During hibernate mode data processing system 100 erects a “firewall” between the TOY clock and the rest of the chip. As used herein “firewall” means a circuit that is interposed in some way between two other circuits to keep one from affecting the other, in a manner analogous to that of a fireproof wall erected to prevent the spread of fire from one room to the next. In the illustrated embodiment during hibernate mode a firewall circuit is responsive to the receipt of a special firewall input signal, labeled “
Reference is now made to
Terminals 201-204 form power supply voltage terminals for internal circuitry. Power supply terminals 201-203 receive positive power supply voltages labeled “VDDX”, “VDDY”, and “VDDI”, respectively, and power supply terminal 204 receives a ground power supply voltage labeled “VSS”. A power supply for most input/output circuitry in an I/O power supply voltage domain is formed between VDDX and VSS. A power supply for the input/output circuitry associated with DDR/SDRAM controller 162 in a DDR/SDRAM I/O power supply voltage domain is formed between VDDY and VSS. A power supply for internal circuitry in an internal circuitry power supply voltage domain is formed between VDDI and VSS. These power supply voltages can assume optimal levels appropriate to their domains. For example it is desirable to operate VDDI at a relatively low voltage, for example 1.2 volts, to minimize power consumption. However the I/O power supplies need higher voltages, for example 3.3 volts, to allow integrated circuit 100 to interface properly with external components. Note that circuit blocks include levels shifters for exchanging signals between voltage domains, which helps avoid crowbar currents.
The remaining terminals 210-216 are associated with TOY clock 220 and include a power supply terminal 210 for receiving a positive power supply voltage labeled “XPWR32”, an input/output terminal 211 for conducting a general purpose input/output signal labeled “GPIO” which in one mode provides an input to TOY clock 220, an input terminal 212 for receiving a crystal input signal labeled “XTI32”, an output terminal 213 for providing a crystal output signal labeled “XTO32”, an input terminal 214 for receiving the
TOY clock 220 includes an oscillator 222 having a control input terminal for receiving a control signal labeled “EO”, a crystal input terminal connected to terminal 212, a crystal output terminal connected to terminal 213, and a clock output terminal. The recommended external crystal has a fundamental frequency of 32.768 kHz, which is the well-known color burst frequency. A multiplexer 224 has a first input terminal labeled “1” connected to terminal 211, a second input terminal labeled “0” connected to the output terminal of oscillator 222, a control input terminal for receiving a signal labeled “BP”, and an output terminal. TOY clock 220 uses multiplexer 224 to select between one of two possible clock sources based on control signal BP, namely an externally supplied clock received on the GPIO signal pin, terminal 211, or the crystal controlled signal received from the output terminal of oscillator 222.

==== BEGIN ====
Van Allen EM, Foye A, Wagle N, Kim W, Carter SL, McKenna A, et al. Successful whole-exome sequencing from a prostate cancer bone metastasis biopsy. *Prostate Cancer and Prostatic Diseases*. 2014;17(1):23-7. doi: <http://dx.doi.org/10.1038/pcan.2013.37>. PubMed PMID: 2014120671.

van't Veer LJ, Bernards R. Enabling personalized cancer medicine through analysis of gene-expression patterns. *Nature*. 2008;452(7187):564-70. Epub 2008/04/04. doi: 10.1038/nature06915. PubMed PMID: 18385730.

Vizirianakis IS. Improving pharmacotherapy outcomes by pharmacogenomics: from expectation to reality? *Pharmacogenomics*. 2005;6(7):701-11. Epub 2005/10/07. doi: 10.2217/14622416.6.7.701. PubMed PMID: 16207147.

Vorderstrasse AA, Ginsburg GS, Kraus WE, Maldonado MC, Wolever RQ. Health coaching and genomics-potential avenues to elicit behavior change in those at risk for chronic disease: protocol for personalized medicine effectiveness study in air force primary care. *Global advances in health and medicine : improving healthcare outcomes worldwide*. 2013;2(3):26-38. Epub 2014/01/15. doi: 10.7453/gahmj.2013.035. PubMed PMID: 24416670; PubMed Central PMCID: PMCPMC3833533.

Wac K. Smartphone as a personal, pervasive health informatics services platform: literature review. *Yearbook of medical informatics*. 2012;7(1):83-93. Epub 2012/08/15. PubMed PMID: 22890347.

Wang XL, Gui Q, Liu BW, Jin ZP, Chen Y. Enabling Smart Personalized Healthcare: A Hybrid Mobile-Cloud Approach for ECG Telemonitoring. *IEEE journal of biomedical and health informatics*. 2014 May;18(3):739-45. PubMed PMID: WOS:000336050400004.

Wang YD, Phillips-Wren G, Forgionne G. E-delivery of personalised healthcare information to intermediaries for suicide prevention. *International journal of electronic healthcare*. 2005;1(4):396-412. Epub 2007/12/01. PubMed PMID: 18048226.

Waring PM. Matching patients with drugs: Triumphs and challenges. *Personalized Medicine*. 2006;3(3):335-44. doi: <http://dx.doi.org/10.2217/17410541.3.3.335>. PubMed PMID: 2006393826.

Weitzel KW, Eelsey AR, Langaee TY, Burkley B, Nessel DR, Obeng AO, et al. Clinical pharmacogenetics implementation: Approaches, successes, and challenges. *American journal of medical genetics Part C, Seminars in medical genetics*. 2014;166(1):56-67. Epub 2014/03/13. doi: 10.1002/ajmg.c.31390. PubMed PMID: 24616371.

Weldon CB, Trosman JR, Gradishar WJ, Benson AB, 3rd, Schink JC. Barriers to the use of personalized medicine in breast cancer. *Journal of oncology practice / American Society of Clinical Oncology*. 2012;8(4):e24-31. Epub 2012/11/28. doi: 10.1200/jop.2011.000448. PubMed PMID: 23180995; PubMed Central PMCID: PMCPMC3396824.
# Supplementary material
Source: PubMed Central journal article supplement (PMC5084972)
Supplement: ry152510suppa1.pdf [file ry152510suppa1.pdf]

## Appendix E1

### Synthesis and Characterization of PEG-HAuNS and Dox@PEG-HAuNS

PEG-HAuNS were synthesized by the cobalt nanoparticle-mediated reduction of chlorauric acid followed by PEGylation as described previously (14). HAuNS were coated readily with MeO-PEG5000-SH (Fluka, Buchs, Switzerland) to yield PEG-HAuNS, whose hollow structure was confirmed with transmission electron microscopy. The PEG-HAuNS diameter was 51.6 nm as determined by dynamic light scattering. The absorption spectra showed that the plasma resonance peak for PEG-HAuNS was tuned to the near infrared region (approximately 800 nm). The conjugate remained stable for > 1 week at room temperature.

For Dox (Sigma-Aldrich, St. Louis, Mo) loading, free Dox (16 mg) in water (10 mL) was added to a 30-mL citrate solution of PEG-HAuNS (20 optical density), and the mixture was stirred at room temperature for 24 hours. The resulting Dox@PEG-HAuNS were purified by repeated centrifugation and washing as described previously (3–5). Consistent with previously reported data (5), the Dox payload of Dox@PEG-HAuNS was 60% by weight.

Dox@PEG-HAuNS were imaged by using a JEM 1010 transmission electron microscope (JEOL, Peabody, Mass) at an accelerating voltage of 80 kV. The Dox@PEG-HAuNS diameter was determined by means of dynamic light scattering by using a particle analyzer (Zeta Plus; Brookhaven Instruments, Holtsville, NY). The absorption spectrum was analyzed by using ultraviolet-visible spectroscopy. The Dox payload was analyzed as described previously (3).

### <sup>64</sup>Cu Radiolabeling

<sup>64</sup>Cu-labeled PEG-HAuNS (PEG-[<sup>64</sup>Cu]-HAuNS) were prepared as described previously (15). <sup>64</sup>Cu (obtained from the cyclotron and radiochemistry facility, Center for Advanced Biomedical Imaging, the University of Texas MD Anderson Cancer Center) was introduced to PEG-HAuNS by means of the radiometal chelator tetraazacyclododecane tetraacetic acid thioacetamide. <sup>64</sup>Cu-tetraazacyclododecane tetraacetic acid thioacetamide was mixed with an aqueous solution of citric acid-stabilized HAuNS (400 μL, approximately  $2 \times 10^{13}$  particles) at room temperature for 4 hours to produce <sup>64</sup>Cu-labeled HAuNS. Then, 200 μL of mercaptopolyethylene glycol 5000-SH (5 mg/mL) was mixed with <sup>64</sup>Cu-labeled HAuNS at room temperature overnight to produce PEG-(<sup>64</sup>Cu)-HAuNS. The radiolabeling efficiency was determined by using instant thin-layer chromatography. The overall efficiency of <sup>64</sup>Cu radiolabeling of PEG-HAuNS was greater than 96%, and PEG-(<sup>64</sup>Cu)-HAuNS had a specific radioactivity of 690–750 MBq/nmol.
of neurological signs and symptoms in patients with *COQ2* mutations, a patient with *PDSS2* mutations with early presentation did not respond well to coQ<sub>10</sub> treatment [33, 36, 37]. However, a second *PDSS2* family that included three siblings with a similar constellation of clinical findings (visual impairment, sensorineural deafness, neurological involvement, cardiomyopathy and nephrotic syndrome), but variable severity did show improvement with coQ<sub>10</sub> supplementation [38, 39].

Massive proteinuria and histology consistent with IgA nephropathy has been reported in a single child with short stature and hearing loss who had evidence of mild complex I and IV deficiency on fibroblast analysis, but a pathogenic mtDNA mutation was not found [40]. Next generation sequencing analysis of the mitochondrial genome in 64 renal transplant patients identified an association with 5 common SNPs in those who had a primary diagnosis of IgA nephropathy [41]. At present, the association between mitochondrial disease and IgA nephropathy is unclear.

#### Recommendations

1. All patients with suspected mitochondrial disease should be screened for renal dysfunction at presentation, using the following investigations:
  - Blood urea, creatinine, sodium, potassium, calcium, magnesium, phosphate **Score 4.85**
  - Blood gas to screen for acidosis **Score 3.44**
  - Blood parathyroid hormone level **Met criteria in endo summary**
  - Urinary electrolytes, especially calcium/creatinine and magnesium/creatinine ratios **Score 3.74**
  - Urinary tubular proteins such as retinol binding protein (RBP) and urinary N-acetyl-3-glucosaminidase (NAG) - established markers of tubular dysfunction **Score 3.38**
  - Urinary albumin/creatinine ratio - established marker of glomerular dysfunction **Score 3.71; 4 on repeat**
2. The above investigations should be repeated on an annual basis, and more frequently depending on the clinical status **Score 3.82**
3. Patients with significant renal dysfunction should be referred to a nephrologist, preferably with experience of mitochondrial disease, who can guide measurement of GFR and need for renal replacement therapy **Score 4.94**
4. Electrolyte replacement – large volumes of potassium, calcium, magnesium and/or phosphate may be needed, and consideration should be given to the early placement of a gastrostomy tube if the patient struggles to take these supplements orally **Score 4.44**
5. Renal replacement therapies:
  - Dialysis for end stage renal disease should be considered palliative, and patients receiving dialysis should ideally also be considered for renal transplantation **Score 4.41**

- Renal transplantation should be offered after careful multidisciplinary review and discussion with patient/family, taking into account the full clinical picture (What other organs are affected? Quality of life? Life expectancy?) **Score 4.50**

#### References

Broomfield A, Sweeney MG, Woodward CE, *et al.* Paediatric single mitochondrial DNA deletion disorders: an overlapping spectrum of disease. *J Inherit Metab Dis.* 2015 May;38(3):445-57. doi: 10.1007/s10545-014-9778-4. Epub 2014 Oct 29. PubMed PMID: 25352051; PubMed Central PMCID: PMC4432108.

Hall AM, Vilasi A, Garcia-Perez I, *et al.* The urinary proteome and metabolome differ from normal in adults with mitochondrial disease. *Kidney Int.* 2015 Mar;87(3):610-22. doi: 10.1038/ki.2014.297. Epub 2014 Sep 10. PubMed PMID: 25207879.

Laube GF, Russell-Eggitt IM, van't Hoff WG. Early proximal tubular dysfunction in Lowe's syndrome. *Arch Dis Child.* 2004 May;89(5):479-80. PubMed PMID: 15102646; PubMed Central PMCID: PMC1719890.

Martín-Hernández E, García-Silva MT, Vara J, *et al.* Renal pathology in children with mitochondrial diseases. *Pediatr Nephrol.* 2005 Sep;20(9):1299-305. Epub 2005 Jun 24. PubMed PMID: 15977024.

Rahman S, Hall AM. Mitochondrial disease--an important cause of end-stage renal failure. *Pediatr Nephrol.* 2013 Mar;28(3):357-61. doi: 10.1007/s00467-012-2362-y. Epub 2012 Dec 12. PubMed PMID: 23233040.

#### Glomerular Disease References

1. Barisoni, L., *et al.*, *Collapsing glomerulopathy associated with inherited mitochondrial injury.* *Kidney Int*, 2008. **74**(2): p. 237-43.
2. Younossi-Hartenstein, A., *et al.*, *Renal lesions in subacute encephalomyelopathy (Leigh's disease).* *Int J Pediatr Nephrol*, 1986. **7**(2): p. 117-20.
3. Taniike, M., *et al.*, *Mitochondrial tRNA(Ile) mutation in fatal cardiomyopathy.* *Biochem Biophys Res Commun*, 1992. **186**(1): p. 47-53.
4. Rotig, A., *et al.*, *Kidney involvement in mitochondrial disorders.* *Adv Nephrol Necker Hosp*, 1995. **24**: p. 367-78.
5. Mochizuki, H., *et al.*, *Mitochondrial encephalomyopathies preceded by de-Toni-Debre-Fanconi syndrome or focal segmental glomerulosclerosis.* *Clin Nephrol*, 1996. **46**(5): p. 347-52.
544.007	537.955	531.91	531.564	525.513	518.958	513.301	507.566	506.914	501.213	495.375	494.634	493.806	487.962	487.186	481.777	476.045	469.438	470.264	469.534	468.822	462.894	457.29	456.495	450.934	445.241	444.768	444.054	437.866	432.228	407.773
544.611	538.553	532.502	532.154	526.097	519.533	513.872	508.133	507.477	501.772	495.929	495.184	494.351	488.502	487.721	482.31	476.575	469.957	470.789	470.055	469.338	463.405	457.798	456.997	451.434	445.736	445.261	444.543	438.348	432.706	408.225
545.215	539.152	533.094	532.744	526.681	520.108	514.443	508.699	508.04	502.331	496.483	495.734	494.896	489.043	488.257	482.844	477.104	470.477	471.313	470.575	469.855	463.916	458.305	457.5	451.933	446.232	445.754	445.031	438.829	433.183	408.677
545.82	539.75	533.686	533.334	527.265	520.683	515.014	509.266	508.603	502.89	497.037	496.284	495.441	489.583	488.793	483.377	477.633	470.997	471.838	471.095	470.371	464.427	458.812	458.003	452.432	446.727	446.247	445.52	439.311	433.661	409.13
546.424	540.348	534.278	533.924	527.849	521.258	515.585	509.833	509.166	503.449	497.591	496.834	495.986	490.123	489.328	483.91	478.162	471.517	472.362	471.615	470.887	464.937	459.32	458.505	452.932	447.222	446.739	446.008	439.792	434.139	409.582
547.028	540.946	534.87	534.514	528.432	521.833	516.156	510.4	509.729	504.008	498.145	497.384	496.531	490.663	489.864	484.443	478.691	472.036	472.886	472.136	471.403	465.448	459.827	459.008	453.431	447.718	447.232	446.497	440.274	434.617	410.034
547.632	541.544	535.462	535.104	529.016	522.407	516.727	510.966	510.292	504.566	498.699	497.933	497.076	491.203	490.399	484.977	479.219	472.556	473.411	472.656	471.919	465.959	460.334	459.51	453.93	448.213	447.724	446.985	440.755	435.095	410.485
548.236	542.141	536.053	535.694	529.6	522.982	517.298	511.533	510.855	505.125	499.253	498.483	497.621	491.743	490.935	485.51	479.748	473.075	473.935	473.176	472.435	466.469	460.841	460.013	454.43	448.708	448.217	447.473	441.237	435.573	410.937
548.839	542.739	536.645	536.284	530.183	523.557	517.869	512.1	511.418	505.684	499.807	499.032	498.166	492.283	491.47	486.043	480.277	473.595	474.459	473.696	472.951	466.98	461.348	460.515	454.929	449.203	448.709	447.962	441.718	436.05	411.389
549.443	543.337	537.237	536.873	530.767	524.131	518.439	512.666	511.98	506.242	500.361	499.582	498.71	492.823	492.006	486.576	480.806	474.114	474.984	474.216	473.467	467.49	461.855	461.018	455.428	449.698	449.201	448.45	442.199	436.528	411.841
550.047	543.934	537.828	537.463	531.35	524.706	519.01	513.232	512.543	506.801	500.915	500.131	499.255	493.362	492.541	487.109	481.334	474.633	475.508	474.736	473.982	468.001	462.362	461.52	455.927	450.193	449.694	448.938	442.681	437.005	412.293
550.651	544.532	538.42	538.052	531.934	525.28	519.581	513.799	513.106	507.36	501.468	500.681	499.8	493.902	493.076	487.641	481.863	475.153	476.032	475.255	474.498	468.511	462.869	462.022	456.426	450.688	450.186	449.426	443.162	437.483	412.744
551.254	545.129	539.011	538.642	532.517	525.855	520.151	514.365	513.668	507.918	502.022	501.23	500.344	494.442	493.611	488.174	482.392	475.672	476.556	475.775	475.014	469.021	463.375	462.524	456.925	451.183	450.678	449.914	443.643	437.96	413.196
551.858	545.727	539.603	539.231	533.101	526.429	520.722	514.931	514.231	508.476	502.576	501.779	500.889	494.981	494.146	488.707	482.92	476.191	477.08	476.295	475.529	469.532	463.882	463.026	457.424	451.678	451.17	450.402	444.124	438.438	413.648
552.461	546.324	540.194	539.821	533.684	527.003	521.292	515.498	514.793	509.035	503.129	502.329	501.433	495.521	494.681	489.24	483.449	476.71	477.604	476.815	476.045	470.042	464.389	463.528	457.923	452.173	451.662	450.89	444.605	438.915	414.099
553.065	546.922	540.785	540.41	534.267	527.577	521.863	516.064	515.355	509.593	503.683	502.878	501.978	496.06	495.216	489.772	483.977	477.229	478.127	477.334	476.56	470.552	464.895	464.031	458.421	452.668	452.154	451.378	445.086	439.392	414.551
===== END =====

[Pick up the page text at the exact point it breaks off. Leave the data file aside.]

A divider 226 has an input terminal connected to the output terminal of multiplexer 224, a preset input terminal for receiving a 16-bit value labeled “TRIM”, and an output terminal. Divider 226 divides the clock signal selected by multiplexer 226 by a programmable amount equal to the TRIM bits plus one to provide a divided clock signal to the output terminal thereof.
Counter 228 has an input terminal connected to the output terminal of divider 226, a preset input terminal for receiving a 32-bit value labeled “COUNT”, and an output terminal. Counter 228 counts the number of pulses at the output of divider 226 to provide a count value to the output terminal thereof.
TOY clock 220 also includes three match circuits 232, 234, and 236. Each match circuit has an input connected to the output terminal of counter 228, and an output terminal that provides an interrupt output signal when the output of counter 228 matches a programmable match value set in a corresponding match register. Additional features of match circuits 232, 234 and 236 are not explicitly illustrated in
TOY clock 220 also includes a set of registers useful for controlling the operation thereof.
In order to implement the firewall mechanism TOY clock 220 includes a firewall circuit 250. Firewall circuit 250 includes AND gates 251-255. Each AND gate has a first input terminal connected to input terminal 214 for receiving the firewall signal
Firewall circuit 250 uses three mechanisms to place a “firewall” between circuitry in the XPWR23 domain and all other circuits. The first firewall mechanism prevents select signals on the CONTOL portion of peripheral bus 172, which may have indeterminate values during hibernate mode, from spuriously selecting any of registers 242, 244, and 246. Each of registers 242, 244, and 246 is a memory-mapped register that is selected when an address conducted on peripheral bus 172 matches its corresponding address in the memory map. During normal operation CPU core 110 can update any one of these registers by outputting a corresponding address on system bus 120. Bus bridge 170 recognizes that the access is within a range of addresses associated with peripheral bus 172 and drives the system address signals onto peripheral bus 172. Decoder circuitry not shown in